Diabetic cardiomyopathy: a hyperglycaemia- and insulin-resistance-induced heart disease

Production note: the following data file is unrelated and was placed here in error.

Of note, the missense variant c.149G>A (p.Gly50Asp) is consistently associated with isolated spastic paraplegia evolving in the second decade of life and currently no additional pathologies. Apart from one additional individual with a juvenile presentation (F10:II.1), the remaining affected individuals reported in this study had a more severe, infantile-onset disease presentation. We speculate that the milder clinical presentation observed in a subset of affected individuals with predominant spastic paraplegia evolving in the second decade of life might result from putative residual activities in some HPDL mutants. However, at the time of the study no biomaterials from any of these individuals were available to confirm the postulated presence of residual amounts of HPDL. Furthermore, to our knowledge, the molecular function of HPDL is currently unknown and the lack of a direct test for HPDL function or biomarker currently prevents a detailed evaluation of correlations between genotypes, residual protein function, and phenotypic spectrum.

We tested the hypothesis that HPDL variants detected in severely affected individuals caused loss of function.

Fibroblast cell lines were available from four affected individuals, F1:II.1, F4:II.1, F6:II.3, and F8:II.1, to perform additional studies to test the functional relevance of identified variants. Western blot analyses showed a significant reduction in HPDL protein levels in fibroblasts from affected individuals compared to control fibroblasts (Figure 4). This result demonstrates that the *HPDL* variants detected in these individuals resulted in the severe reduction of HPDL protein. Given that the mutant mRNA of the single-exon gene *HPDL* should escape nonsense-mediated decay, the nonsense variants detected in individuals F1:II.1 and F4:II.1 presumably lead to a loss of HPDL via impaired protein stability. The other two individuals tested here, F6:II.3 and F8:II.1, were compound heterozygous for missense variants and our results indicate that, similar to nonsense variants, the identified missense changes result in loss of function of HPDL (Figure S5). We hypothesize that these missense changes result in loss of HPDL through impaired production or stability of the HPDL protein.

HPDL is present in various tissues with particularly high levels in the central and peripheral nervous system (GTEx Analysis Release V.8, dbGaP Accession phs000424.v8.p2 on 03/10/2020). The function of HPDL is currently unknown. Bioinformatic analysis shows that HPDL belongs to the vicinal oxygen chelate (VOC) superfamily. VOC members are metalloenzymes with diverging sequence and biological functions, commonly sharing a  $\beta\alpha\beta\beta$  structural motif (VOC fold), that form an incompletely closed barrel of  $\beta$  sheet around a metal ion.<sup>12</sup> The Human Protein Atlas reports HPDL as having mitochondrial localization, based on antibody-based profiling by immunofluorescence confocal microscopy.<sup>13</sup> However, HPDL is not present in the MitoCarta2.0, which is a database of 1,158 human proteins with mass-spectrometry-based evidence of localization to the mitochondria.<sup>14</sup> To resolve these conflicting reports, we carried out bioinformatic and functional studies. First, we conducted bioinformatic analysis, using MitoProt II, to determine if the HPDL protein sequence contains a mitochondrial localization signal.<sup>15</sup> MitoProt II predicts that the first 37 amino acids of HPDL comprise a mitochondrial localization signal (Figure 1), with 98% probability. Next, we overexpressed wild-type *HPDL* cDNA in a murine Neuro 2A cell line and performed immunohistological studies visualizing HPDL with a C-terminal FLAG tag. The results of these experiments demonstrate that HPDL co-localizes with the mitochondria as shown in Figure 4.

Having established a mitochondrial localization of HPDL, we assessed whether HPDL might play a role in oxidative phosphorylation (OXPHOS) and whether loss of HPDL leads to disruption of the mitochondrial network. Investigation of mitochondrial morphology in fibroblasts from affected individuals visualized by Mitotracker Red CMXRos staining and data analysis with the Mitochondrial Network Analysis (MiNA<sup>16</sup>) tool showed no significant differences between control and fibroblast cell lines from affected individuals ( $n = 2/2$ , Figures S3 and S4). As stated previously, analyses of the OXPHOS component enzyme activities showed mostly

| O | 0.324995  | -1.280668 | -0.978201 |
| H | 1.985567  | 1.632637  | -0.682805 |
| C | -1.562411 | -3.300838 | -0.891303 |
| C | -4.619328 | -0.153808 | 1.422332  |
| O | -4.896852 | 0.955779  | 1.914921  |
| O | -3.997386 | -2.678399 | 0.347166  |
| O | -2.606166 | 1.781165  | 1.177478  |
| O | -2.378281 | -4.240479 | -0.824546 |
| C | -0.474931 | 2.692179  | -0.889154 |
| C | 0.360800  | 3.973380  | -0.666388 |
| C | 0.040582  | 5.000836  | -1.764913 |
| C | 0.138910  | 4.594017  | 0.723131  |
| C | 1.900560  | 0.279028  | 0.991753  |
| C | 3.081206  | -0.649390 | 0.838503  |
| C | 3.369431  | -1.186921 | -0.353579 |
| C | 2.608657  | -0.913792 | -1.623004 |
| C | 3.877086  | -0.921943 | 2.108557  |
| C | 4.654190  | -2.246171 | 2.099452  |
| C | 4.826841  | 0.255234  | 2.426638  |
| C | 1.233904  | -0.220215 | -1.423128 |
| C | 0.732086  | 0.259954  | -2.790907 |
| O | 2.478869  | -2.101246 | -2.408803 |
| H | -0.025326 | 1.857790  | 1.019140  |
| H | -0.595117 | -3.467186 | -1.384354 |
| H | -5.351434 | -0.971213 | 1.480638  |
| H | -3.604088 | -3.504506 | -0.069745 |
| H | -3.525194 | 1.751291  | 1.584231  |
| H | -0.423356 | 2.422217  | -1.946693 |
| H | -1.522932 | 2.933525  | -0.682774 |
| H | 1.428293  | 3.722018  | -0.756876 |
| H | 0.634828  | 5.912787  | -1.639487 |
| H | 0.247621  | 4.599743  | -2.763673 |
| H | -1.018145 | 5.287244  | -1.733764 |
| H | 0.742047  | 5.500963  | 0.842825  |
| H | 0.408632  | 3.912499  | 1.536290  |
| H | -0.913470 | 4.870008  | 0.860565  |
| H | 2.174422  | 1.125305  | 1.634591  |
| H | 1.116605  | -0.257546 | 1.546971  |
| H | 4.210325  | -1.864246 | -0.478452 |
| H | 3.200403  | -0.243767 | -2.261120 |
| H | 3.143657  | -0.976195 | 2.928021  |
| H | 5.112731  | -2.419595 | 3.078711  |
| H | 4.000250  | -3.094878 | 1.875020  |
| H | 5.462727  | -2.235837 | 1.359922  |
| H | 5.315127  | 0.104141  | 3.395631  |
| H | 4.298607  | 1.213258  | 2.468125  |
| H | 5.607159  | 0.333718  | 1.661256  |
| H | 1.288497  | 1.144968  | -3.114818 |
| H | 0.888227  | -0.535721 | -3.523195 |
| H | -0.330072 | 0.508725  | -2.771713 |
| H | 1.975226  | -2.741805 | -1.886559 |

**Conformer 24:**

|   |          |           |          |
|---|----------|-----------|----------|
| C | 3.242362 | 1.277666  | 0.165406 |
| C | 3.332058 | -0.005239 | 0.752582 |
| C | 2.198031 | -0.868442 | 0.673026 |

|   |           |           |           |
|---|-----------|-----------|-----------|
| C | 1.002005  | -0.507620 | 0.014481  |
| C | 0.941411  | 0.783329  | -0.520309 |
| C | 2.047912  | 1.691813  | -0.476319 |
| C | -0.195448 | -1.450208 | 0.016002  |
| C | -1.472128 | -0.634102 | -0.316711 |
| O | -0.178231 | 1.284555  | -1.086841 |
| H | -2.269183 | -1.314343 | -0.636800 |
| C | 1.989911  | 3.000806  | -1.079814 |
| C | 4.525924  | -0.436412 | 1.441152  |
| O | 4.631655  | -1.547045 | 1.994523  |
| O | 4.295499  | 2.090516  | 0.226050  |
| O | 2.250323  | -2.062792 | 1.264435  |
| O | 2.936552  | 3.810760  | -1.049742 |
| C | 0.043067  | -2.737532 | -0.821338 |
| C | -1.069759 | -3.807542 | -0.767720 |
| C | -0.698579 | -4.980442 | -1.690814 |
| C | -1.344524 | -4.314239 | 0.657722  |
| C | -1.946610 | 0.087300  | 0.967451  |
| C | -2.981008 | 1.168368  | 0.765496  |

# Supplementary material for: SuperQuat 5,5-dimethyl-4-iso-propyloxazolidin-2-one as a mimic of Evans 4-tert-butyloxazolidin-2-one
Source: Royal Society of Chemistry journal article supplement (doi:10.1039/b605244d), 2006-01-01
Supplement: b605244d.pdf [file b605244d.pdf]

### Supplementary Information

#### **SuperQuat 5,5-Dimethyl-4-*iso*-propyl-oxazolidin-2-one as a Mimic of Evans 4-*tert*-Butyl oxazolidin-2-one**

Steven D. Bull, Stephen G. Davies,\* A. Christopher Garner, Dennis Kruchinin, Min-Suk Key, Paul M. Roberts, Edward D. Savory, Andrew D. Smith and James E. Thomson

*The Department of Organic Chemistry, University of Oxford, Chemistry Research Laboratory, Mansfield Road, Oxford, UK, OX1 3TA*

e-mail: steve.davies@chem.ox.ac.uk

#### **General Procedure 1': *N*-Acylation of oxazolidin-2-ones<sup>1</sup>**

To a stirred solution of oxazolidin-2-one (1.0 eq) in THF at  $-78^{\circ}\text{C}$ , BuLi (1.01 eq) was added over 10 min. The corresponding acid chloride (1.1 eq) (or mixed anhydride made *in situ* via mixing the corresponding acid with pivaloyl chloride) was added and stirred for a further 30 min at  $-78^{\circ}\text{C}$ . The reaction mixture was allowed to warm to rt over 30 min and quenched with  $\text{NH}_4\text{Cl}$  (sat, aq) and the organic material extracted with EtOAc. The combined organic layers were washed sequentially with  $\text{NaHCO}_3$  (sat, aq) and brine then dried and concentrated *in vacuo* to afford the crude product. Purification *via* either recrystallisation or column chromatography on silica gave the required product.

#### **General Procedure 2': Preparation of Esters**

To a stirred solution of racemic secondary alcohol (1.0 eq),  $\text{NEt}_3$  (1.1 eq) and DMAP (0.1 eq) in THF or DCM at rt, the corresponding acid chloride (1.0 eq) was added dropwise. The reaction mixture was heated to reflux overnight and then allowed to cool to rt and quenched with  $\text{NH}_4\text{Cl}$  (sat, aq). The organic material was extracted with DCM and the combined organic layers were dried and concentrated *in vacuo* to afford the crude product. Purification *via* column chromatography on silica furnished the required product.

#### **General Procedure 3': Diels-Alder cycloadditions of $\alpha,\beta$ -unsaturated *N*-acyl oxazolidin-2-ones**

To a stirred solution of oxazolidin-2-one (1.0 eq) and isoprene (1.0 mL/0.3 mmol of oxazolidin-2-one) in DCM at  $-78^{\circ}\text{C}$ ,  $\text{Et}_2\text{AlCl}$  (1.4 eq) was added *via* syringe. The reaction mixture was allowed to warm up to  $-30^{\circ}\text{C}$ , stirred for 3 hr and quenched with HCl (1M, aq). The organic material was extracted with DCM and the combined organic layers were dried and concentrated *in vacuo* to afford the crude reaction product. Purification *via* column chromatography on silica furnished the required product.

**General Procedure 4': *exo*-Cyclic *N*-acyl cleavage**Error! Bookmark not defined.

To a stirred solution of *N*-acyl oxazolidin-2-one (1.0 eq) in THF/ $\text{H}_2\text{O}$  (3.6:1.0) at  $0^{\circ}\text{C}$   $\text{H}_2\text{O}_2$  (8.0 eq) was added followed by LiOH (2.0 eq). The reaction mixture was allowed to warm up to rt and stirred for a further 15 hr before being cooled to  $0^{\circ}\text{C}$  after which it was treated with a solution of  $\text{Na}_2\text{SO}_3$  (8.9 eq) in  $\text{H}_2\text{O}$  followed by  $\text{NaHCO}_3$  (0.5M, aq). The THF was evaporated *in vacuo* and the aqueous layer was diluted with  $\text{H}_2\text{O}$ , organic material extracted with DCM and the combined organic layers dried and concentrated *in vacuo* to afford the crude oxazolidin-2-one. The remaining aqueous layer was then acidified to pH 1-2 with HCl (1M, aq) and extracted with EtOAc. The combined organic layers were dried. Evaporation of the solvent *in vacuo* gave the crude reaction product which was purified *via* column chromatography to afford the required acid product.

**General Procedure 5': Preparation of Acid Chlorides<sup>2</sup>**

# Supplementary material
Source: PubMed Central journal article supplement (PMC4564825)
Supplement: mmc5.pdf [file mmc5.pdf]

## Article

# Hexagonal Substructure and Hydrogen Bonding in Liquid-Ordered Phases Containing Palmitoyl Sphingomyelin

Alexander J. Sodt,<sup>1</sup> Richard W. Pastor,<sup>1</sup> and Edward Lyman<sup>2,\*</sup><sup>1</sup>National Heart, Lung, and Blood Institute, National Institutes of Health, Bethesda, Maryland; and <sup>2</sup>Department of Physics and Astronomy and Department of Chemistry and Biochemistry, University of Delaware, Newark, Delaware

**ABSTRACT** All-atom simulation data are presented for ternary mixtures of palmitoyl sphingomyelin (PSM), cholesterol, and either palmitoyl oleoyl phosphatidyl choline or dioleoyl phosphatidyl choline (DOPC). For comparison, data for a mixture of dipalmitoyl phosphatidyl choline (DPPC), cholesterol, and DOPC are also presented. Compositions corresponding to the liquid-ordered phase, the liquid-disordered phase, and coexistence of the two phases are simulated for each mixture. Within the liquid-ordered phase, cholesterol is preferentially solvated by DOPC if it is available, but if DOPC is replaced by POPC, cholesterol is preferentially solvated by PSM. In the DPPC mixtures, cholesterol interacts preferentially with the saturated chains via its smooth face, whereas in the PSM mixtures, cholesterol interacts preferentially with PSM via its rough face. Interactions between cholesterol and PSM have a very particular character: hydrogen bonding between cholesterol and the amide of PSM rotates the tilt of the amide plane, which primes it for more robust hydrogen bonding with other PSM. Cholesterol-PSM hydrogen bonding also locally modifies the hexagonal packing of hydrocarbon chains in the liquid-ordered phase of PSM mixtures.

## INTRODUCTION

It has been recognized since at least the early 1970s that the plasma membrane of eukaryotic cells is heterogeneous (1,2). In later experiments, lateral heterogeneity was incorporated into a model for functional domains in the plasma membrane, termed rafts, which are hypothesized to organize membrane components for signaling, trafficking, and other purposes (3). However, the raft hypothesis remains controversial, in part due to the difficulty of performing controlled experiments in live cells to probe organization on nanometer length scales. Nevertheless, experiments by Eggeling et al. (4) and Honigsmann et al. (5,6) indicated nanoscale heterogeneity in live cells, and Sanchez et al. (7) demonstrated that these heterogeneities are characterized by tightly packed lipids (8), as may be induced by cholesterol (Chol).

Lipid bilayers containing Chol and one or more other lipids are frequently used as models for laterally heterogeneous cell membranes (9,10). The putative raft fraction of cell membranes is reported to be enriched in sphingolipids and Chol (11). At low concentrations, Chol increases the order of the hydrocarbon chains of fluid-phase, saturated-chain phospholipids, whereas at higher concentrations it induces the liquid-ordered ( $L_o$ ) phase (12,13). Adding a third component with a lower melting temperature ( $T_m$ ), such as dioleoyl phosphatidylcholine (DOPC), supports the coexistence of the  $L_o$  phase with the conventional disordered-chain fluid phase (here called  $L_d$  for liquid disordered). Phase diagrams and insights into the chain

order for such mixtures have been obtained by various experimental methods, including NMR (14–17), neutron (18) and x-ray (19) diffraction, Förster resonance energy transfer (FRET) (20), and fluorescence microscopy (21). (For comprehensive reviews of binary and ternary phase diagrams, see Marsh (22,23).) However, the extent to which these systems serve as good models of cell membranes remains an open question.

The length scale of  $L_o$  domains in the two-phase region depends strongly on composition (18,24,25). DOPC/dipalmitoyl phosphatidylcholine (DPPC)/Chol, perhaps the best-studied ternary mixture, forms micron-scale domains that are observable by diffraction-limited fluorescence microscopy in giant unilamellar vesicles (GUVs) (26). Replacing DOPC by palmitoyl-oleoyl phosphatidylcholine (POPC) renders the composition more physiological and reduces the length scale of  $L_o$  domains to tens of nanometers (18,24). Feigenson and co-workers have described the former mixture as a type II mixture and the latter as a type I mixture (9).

Diabetic cardiomyopathy is characterised in its early stages by diastolic relaxation abnormalities and later by clinical heart failure in the absence of dyslipidaemia, hypertension and coronary artery disease. Insulin resistance, hyperinsulinaemia and hyperglycaemia are each independent risk factors for the development of diabetic cardiomyopathy. The pathophysiological factors in diabetes that drive the development of cardiomyopathy include systemic metabolic disorders, inappropriate activation of the renin–angiotensin–aldosterone system, subcellular component abnormalities, oxidative stress, inflammation and dysfunctional immune modulation. These abnormalities collectively promote cardiac tissue interstitial fibrosis, cardiac stiffness/diastolic dysfunction and, later, systolic dysfunction, precipitating the syndrome of clinical heart failure. Recent evidence has revealed that dysregulation of coronary endothelial cells and exosomes also contributes to the pathology behind diabetic cardiomyopathy. Herein, we review the relationships among insulin resistance/hyperinsulinaemia, hyperglycaemia and the development of cardiac dysfunction. We summarise the current understanding of the pathophysiological mechanisms in diabetic cardiomyopathy and explore potential preventative and therapeutic strategies.